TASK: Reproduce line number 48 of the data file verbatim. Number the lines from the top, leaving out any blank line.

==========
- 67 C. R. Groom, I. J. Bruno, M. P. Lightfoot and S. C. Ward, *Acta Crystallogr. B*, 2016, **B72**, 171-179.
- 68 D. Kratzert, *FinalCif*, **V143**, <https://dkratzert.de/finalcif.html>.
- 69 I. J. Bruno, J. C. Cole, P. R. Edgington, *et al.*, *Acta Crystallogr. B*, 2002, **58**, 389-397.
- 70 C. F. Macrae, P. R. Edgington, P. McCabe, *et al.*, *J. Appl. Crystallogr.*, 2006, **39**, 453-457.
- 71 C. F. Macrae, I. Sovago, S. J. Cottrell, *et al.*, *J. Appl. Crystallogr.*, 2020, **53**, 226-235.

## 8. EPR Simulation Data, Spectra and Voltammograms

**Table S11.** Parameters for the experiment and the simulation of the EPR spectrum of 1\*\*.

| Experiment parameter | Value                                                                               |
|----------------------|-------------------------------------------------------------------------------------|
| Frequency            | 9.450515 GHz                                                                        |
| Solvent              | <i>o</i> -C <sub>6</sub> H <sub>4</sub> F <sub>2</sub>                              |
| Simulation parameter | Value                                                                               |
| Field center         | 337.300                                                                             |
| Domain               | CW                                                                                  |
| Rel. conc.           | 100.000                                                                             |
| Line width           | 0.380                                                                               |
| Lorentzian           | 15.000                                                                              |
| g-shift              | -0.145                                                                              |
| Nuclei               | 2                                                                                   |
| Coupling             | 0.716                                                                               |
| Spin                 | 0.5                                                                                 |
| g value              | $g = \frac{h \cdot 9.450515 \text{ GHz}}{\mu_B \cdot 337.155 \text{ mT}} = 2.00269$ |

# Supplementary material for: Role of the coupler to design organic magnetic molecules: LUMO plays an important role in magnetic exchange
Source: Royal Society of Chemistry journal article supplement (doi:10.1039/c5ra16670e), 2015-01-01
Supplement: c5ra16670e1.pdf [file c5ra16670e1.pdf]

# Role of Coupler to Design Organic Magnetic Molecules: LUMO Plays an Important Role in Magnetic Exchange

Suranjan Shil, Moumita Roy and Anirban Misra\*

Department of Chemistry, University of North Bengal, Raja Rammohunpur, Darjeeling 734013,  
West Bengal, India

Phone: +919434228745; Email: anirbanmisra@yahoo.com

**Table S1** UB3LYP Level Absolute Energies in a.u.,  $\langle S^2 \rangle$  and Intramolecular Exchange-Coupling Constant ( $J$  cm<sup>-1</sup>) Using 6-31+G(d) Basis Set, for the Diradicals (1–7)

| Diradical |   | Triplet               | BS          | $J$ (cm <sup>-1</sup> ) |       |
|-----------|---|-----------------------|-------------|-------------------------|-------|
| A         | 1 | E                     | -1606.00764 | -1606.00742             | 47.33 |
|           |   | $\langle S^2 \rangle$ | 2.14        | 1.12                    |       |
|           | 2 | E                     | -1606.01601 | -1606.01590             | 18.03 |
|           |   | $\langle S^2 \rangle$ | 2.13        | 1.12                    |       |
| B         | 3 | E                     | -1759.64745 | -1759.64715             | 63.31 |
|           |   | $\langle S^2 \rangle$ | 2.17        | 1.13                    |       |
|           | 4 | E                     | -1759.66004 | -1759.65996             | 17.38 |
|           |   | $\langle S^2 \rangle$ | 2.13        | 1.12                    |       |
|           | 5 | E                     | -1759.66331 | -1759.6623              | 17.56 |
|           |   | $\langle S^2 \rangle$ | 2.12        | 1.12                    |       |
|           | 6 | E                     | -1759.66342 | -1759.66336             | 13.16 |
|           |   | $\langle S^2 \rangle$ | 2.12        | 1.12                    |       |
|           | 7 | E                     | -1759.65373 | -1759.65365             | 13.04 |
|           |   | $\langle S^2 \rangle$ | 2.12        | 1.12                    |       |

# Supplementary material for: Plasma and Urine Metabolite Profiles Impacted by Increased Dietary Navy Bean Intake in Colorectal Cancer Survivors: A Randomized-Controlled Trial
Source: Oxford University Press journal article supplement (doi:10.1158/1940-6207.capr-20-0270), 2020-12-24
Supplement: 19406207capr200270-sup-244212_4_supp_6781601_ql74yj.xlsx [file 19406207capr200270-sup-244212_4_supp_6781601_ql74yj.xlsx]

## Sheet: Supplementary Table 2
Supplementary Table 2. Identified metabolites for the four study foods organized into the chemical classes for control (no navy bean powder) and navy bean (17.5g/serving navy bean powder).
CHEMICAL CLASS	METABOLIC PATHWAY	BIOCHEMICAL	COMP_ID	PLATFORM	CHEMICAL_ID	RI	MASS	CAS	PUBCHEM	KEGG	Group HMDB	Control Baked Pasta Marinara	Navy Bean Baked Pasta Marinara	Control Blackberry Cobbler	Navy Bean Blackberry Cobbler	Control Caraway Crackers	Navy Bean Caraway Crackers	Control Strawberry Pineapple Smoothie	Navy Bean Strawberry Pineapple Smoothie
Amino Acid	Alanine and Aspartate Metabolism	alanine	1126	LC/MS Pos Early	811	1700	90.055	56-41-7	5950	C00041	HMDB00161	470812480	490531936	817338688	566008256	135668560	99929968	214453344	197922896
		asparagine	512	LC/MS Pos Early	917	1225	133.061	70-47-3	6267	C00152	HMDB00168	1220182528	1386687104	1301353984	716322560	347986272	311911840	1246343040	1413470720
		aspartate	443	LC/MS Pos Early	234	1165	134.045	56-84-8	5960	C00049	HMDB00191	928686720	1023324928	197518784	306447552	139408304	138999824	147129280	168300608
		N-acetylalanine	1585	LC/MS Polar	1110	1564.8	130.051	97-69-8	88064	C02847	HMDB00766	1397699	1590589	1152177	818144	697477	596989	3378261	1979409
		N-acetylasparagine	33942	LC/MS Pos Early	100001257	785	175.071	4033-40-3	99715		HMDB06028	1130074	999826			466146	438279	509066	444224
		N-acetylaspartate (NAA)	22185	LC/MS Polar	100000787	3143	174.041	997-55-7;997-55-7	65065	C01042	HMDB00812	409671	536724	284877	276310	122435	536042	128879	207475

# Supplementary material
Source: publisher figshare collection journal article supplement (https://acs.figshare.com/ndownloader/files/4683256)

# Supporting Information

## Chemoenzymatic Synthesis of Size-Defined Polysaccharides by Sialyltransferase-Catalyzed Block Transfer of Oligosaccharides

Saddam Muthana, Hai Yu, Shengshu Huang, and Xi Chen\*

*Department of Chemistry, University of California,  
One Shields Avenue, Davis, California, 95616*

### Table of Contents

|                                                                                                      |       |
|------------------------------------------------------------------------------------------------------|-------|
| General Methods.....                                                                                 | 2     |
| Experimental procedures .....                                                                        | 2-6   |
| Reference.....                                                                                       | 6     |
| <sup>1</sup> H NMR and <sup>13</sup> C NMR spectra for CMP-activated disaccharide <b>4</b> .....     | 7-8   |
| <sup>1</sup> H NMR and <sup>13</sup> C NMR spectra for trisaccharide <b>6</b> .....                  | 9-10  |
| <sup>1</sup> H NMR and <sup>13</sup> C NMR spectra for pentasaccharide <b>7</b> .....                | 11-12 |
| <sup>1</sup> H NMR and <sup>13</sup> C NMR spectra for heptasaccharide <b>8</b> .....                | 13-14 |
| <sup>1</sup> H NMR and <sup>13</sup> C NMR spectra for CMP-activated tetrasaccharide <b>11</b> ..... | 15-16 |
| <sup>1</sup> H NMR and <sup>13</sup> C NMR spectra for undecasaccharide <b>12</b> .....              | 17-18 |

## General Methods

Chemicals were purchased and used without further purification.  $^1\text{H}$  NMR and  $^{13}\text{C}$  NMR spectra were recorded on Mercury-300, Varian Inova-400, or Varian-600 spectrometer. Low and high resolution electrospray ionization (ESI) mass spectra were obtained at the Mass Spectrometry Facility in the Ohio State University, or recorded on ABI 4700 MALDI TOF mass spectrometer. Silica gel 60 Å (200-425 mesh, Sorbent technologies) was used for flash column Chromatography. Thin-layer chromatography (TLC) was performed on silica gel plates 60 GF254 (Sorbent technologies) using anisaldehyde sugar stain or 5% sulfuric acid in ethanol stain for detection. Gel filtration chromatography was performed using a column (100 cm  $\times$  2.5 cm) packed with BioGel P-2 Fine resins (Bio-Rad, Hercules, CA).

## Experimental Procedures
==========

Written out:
# Supplementary material for: Plasma and Urine Metabolite Profiles Impacted by Increased Dietary Navy Bean Intake in Colorectal Cancer Survivors: A Randomized-Controlled Trial